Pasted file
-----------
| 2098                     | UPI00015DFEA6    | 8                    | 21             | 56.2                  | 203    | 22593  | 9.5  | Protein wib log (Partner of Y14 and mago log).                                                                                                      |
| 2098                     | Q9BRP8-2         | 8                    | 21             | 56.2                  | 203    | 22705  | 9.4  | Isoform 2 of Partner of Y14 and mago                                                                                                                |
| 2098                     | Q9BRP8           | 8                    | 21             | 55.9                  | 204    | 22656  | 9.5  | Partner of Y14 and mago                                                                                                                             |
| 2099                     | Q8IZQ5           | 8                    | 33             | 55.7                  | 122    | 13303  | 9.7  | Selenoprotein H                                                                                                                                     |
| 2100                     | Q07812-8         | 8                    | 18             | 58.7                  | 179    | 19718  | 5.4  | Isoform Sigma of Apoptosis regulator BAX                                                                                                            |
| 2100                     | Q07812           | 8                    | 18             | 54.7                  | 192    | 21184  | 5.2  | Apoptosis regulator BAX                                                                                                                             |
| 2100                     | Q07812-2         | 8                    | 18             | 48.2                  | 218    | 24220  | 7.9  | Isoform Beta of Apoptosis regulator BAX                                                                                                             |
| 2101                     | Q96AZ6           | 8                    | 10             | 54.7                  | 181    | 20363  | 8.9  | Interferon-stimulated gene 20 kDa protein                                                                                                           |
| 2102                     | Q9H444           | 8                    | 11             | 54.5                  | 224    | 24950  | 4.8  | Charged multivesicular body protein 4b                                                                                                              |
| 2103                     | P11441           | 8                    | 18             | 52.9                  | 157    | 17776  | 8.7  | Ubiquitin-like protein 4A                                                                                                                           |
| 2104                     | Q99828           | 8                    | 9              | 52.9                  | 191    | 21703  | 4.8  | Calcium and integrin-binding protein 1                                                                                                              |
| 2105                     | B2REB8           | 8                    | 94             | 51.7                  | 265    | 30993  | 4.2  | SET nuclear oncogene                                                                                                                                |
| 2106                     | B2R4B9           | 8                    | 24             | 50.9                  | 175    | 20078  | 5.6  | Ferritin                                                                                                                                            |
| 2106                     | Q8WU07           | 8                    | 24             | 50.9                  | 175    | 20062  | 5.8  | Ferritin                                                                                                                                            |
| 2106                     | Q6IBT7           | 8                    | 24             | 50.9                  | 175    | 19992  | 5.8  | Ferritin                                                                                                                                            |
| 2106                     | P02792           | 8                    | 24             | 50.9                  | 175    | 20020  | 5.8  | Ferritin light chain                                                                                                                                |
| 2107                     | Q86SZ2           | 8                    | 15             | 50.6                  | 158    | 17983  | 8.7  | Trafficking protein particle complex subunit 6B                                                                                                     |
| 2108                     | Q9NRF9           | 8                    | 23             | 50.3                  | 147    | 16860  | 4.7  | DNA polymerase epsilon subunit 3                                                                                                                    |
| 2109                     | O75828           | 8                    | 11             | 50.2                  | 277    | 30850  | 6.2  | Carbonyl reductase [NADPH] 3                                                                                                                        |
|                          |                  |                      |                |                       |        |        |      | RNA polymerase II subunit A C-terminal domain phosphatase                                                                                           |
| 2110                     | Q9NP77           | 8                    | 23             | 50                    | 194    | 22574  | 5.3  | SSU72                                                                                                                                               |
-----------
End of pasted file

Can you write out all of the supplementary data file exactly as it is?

| 2098                     | UPI00015DFEA6    | 8                    | 21             | 56.2                  | 203    | 22593  | 9.5  | Protein wib log (Partner of Y14 and mago log).                                                                                                      |
| 2098                     | Q9BRP8-2         | 8                    | 21             | 56.2                  | 203    | 22705  | 9.4  | Isoform 2 of Partner of Y14 and mago                                                                                                                |
| 2098                     | Q9BRP8           | 8                    | 21             | 55.9                  | 204    | 22656  | 9.5  | Partner of Y14 and mago                                                                                                                             |
| 2099                     | Q8IZQ5           | 8                    | 33             | 55.7                  | 122    | 13303  | 9.7  | Selenoprotein H                                                                                                                                     |
| 2100                     | Q07812-8         | 8                    | 18             | 58.7                  | 179    | 19718  | 5.4  | Isoform Sigma of Apoptosis regulator BAX                                                                                                            |
| 2100                     | Q07812           | 8                    | 18             | 54.7                  | 192    | 21184  | 5.2  | Apoptosis regulator BAX                                                                                                                             |
| 2100                     | Q07812-2         | 8                    | 18             | 48.2                  | 218    | 24220  | 7.9  | Isoform Beta of Apoptosis regulator BAX                                                                                                             |
| 2101                     | Q96AZ6           | 8                    | 10             | 54.7                  | 181    | 20363  | 8.9  | Interferon-stimulated gene 20 kDa protein                                                                                                           |
| 2102                     | Q9H444           | 8                    | 11             | 54.5                  | 224    | 24950  | 4.8  | Charged multivesicular body protein 4b                                                                                                              |
| 2103                     | P11441           | 8                    | 18             | 52.9                  | 157    | 17776  | 8.7  | Ubiquitin-like protein 4A                                                                                                                           |
| 2104                     | Q99828           | 8                    | 9              | 52.9                  | 191    | 21703  | 4.8  | Calcium and integrin-binding protein 1                                                                                                              |
| 2105                     | B2REB8           | 8                    | 94             | 51.7                  | 265    | 30993  | 4.2  | SET nuclear oncogene                                                                                                                                |
| 2106                     | B2R4B9           | 8                    | 24             | 50.9                  | 175    | 20078  | 5.6  | Ferritin                                                                                                                                            |
| 2106                     | Q8WU07           | 8                    | 24             | 50.9                  | 175    | 20062  | 5.8  | Ferritin                                                                                                                                            |
| 2106                     | Q6IBT7           | 8                    | 24             | 50.9                  | 175    | 19992  | 5.8  | Ferritin                                                                                                                                            |
| 2106                     | P02792           | 8                    | 24             | 50.9                  | 175    | 20020  | 5.8  | Ferritin light chain                                                                                                                                |
| 2107                     | Q86SZ2           | 8                    | 15             | 50.6                  | 158    | 17983  | 8.7  | Trafficking protein particle complex subunit 6B                                                                                                     |
| 2108                     | Q9NRF9           | 8                    | 23             | 50.3                  | 147    | 16860  | 4.7  | DNA polymerase epsilon subunit 3                                                                                                                    |
| 2109                     | O75828           | 8                    | 11             | 50.2                  | 277    | 30850  | 6.2  | Carbonyl reductase [NADPH] 3                                                                                                                        |
|                          |                  |                      |                |                       |        |        |      | RNA polymerase II subunit A C-terminal domain phosphatase                                                                                           |
| 2110                     | Q9NP77           | 8                    | 23             | 50                    | 194    | 22574  | 5.3  | SSU72                                                                                                                                               |